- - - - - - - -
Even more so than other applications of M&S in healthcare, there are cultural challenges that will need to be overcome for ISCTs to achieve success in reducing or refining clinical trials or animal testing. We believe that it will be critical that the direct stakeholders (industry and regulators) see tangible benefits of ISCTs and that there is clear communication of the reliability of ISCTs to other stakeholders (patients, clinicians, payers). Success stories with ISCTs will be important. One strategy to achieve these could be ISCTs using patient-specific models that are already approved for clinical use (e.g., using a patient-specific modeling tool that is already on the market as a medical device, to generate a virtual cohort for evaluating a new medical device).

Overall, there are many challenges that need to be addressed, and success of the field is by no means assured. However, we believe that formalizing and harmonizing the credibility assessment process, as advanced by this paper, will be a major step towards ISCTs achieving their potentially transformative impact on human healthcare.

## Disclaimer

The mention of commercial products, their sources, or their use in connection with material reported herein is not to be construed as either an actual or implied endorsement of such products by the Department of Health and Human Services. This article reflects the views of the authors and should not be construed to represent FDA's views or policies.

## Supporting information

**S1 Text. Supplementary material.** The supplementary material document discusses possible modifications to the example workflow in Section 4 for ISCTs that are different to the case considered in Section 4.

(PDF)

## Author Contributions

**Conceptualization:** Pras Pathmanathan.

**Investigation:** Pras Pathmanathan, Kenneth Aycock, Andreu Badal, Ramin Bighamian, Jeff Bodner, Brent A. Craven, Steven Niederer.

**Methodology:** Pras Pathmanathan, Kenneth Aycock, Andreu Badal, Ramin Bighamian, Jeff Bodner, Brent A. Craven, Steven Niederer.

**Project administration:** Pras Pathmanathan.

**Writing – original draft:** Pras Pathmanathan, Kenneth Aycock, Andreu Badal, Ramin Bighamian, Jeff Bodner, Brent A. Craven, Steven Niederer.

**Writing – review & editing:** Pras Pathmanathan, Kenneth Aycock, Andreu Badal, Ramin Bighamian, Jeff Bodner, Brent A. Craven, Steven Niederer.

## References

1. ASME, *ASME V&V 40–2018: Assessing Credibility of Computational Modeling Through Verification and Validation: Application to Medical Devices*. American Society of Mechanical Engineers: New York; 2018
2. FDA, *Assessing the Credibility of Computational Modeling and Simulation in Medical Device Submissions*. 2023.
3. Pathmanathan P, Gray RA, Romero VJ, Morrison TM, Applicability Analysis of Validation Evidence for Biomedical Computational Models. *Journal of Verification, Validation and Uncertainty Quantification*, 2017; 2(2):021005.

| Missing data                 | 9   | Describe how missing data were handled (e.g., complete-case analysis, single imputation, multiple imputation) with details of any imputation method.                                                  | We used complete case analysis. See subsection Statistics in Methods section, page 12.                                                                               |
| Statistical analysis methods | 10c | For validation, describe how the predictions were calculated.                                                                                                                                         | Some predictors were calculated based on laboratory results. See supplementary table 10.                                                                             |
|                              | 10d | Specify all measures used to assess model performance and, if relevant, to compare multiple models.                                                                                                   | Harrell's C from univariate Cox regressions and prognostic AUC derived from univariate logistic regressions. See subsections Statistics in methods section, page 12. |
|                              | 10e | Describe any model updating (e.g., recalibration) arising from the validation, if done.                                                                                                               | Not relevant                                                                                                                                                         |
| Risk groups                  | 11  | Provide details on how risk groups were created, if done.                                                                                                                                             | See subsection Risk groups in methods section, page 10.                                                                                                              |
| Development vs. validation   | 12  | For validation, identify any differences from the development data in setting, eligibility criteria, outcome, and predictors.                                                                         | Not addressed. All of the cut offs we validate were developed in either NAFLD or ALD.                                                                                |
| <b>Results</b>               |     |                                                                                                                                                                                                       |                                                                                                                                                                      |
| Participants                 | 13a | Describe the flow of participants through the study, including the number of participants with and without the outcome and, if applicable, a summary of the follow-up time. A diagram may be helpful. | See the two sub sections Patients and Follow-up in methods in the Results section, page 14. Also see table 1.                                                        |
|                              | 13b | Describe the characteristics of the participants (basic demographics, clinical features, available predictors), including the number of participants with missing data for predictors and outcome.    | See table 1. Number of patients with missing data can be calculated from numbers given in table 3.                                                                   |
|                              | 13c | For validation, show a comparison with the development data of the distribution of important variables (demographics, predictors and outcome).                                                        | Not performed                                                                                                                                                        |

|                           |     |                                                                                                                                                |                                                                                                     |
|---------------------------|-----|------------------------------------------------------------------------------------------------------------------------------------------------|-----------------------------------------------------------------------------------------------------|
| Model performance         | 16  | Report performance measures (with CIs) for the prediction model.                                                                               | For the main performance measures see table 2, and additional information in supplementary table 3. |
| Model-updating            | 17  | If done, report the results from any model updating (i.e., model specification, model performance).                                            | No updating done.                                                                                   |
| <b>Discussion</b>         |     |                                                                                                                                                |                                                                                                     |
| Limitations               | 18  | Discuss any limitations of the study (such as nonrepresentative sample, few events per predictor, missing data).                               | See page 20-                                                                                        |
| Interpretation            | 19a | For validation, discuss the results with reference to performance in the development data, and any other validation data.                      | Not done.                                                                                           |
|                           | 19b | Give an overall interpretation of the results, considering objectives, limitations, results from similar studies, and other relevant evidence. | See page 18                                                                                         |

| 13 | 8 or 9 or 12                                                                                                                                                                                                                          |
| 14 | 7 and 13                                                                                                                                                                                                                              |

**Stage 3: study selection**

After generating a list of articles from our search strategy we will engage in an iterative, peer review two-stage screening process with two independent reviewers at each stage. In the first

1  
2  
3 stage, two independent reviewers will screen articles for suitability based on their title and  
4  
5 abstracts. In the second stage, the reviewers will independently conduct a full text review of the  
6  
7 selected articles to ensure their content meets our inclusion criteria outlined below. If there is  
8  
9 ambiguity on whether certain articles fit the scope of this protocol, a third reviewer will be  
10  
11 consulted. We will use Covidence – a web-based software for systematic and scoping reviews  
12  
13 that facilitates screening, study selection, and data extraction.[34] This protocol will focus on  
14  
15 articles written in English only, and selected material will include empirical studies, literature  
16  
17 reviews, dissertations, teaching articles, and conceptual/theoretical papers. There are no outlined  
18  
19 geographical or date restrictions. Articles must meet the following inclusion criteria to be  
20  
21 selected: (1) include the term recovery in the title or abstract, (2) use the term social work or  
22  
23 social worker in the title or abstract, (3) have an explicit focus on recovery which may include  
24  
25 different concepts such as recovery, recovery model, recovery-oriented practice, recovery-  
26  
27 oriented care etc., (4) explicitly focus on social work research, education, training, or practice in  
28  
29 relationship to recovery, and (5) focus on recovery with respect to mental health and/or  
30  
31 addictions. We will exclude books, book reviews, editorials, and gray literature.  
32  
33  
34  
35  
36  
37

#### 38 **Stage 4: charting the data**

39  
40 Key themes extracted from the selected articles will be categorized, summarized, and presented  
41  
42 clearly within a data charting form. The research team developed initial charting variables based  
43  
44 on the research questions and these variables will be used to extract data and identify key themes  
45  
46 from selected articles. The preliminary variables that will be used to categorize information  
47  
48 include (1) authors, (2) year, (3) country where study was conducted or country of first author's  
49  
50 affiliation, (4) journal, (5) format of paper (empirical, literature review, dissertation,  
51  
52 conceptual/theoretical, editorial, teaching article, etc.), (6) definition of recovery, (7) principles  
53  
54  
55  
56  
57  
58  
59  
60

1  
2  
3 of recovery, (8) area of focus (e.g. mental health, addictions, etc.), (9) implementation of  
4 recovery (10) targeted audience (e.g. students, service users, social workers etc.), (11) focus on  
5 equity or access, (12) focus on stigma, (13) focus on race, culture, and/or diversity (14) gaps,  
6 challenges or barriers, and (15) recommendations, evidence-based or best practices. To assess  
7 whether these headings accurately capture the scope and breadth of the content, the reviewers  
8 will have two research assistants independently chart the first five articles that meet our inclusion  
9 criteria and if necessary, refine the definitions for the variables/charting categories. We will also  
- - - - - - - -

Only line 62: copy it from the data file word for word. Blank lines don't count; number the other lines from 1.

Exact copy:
22  